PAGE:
You will need to think about whether it might be easier and more transparent to use an alternative legal justification for processing data. For example, you could argue that it is necessary to process the data to fulfil your obligations under the employment contract. In reality this may be closer to the true situation, as most employers would need to continue processing employee data to some extent even if the employee had not given consent. It is better to choose the lawful basis that best reflects the purpose of the processing rather than merely relying on “consent”.

Public authorities may be able to argue that data processing is necessary to perform a public task or function, while private sector organisations may be able to state they have a genuine and legitimate reason for processing the data. Crucially though you will need to provide employees and applicants with a statement explaining the reason on which you have chosen to rely and exactly why you think it applies.

Getting consent wrong will have serious consequences for an employer including substantial fines and damage to reputation.

If you have any questions about the most appropriate way to approach consent to data processing in your organisation we are happy to advise you.

New data rights for employees

The GDPR extends the rights of the ‘data subject’ (the individual whose data is being processed), enhancing the entitlement to have data corrected and to object or restrict data processing. These rights are not often raised in an employment context.

However, a new ‘right to be forgotten’ rule may be problematic as employees may query why you need to hold ‘historic’ information about them and put pressure on you to delete it. Tensions will inevitably arise between the need to retain thorough employment records and information (for example regarding previous disciplinary issues and working arrangements) and good data protection practice.

Data subject access rights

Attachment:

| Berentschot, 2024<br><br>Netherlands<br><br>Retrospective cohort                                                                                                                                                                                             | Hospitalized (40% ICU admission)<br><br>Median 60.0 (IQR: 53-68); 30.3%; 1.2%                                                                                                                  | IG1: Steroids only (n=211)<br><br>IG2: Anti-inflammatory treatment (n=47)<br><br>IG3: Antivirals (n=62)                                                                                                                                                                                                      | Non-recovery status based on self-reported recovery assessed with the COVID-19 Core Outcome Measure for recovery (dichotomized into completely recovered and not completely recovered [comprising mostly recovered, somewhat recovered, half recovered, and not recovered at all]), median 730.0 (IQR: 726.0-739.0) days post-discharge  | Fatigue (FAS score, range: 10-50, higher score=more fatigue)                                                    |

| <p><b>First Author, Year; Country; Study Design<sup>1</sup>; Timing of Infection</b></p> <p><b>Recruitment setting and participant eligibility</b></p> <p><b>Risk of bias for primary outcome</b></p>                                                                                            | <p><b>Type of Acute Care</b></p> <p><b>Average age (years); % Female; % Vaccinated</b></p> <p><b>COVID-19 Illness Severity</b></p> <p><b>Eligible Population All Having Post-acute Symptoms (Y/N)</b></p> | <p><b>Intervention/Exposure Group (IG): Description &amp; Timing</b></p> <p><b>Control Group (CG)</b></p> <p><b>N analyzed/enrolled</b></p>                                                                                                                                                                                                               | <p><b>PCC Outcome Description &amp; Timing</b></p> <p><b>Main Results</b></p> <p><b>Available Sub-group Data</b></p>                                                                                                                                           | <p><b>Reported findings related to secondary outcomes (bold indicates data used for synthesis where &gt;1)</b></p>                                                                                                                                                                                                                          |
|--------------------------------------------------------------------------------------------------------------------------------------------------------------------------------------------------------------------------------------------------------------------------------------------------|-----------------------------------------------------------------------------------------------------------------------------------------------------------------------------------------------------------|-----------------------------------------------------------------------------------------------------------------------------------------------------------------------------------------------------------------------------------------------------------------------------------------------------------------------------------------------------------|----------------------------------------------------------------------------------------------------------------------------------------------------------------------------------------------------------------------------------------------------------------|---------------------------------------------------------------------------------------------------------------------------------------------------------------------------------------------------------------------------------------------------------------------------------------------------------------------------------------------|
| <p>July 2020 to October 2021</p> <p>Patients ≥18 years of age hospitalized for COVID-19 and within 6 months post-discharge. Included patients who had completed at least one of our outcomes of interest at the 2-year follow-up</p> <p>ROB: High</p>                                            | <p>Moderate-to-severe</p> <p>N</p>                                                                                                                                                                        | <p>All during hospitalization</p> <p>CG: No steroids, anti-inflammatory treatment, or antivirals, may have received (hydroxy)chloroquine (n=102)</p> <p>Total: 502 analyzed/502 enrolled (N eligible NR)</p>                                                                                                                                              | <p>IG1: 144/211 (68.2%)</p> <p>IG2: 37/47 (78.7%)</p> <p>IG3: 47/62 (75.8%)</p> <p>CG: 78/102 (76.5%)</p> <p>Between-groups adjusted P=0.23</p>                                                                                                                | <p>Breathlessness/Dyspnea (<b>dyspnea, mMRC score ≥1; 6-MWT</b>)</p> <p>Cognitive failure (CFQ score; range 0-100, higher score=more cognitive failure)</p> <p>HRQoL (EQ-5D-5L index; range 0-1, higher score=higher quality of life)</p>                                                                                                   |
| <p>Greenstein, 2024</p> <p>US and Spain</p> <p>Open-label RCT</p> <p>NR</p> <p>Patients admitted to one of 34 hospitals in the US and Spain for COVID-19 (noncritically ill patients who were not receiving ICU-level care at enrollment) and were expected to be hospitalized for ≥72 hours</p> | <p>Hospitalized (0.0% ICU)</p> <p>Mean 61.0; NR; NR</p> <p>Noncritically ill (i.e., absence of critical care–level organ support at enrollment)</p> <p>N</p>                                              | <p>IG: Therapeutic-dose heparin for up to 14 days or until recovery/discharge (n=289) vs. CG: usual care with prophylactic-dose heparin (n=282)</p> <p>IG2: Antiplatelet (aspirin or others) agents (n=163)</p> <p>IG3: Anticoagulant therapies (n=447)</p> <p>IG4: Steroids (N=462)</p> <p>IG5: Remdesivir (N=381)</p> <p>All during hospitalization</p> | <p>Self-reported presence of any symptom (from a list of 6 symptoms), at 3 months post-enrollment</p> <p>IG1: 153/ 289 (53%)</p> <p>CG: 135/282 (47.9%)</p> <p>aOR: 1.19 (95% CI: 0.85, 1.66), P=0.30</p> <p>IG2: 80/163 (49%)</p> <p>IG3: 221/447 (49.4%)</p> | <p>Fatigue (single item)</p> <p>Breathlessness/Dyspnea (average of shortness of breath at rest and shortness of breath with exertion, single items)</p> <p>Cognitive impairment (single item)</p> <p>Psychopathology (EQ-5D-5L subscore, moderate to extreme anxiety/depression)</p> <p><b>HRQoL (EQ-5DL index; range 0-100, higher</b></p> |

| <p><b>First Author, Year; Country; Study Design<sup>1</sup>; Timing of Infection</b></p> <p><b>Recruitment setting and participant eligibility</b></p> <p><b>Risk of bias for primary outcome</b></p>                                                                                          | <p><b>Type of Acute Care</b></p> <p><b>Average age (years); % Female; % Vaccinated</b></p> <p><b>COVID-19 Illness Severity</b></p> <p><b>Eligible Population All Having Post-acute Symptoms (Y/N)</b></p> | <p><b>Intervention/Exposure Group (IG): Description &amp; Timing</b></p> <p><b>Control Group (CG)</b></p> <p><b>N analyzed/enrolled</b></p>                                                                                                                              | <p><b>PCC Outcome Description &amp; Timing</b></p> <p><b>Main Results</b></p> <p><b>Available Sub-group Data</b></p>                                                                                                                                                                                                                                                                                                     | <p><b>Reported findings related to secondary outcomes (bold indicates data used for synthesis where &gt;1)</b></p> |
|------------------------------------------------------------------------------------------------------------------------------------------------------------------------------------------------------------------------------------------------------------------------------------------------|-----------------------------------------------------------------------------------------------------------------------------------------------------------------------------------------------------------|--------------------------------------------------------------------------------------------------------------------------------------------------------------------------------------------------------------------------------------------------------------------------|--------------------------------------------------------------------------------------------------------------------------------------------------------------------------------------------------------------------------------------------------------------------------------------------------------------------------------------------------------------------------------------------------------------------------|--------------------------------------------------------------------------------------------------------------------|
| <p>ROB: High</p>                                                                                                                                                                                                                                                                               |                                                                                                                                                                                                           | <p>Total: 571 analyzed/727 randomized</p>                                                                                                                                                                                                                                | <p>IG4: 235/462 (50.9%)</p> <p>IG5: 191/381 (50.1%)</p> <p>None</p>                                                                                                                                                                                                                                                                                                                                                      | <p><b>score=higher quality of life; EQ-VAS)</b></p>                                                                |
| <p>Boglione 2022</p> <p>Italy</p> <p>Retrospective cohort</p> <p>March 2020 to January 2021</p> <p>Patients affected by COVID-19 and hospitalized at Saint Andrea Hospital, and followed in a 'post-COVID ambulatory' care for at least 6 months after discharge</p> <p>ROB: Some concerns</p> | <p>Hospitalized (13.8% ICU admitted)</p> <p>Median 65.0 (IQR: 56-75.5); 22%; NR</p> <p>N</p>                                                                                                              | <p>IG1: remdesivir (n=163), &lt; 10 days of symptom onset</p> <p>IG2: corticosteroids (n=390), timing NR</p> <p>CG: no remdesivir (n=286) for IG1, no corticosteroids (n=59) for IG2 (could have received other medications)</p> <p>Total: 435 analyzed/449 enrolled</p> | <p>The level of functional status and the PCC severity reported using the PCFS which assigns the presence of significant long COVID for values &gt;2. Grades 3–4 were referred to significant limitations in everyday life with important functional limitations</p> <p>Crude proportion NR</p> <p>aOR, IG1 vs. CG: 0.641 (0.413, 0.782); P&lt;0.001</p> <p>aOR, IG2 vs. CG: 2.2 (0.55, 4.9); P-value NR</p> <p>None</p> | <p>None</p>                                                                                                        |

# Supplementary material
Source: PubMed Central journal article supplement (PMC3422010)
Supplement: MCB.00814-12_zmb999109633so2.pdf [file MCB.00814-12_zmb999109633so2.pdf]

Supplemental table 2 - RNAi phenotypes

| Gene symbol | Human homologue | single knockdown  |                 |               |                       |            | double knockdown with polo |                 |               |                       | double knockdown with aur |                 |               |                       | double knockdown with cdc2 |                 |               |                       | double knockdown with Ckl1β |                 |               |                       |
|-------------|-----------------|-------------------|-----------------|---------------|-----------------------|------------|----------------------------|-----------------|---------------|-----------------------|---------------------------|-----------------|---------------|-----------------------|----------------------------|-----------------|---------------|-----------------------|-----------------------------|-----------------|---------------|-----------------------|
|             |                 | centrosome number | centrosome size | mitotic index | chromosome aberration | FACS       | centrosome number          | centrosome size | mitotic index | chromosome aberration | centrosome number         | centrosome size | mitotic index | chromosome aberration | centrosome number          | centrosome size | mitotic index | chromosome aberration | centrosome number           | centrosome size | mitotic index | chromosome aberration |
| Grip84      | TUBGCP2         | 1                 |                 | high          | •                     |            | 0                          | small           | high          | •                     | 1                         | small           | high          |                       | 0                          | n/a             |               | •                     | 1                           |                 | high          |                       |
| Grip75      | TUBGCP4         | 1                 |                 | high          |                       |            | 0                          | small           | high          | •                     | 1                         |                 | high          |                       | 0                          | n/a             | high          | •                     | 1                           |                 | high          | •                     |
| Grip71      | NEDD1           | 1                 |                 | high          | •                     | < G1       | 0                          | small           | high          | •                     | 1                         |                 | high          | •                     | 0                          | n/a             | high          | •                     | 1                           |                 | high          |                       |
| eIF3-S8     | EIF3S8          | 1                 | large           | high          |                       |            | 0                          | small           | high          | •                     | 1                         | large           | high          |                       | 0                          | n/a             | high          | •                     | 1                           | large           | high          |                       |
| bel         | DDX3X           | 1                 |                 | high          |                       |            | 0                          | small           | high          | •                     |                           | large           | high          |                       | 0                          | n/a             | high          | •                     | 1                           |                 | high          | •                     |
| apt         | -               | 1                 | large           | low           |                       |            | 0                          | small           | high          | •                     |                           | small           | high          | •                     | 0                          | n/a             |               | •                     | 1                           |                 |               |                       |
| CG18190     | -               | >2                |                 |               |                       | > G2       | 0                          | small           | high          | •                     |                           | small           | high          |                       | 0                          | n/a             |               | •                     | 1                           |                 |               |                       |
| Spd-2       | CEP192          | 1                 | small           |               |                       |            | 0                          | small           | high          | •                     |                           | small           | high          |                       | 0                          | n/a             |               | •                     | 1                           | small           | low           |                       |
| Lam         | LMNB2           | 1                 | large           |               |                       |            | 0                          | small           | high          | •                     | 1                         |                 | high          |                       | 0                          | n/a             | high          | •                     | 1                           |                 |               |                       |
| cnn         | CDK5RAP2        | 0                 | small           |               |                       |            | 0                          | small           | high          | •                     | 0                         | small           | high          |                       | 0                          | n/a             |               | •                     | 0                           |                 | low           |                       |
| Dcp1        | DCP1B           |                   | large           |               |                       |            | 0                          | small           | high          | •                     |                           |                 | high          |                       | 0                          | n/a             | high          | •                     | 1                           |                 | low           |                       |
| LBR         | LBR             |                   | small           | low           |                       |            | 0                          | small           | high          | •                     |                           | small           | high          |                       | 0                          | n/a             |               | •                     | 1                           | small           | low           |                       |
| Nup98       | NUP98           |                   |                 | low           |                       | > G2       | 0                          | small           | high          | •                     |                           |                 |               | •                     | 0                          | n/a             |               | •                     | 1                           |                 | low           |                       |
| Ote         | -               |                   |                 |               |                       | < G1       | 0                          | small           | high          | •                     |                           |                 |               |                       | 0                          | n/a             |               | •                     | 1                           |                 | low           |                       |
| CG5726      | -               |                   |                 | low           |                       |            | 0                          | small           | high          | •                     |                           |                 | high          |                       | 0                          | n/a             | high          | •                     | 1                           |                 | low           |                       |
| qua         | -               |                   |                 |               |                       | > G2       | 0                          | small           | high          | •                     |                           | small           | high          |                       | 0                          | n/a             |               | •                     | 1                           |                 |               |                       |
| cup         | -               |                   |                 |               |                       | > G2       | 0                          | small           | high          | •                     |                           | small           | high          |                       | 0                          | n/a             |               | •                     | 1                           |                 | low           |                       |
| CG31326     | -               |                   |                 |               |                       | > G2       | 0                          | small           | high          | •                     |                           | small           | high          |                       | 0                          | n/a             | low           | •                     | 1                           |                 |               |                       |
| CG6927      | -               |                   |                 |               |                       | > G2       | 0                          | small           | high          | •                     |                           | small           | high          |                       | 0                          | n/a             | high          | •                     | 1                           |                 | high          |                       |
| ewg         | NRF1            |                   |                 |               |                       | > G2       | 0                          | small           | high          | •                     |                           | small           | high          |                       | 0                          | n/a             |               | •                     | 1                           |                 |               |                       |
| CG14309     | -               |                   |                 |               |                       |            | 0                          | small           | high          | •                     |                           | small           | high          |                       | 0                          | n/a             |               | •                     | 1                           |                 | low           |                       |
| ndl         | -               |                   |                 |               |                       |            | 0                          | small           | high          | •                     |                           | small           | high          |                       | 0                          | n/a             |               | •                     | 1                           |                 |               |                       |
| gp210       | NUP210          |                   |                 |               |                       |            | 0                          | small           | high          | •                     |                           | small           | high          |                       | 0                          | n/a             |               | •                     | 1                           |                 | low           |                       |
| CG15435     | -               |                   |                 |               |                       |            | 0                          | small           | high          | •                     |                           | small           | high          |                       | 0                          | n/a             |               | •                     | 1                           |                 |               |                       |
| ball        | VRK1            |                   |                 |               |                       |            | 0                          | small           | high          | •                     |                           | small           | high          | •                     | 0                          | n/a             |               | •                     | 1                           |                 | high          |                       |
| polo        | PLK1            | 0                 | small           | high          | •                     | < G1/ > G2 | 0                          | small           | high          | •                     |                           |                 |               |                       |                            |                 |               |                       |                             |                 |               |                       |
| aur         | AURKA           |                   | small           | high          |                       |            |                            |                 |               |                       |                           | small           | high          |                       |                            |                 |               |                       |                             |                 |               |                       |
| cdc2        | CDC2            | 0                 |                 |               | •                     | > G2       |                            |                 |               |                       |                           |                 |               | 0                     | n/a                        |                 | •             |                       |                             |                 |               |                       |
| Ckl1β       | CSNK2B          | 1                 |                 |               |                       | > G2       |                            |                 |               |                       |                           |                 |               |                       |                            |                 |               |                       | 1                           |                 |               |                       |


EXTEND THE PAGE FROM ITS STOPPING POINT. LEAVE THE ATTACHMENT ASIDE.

The data subject access right (which enables your employees and ex-employees to ask to see the information you hold about them) is broadly similar to the right under the existing rules.

However, the current compliance period of 40 days will be replaced with an obligation to comply ‘without undue delay’ and within one month. You may need to consider how your processes can be streamlined to respond quickly and efficiently and within one month.

Be aware though that an extension of two additional months is available if necessary where the request is complex. The collection of data in an employment context can be particularly challenging, as information is often unstructured and spread across different systems. It may be that the normal period of compliance will by default be stretched to three months in an employment context.

However, you will also need to provide additional information to employees requesting access to their data. This includes the envisaged period of storage and information about the data subject’s rights (explained above).

The £10 fee applicable to requests under the Data Protection Act 1998 will be abolished. However, where a request is ‘manifestly unfounded or excessive’ you are entitled to charge a ‘reasonable fee’ to take into account administrative costs. In some circumstances you may refuse to act on the request altogether. Whether a request is ‘manifestly unfounded or excessive’ will depend on the circumstances and may be a difficult judgement call. Hopefully, these changes will discourage very onerous requests.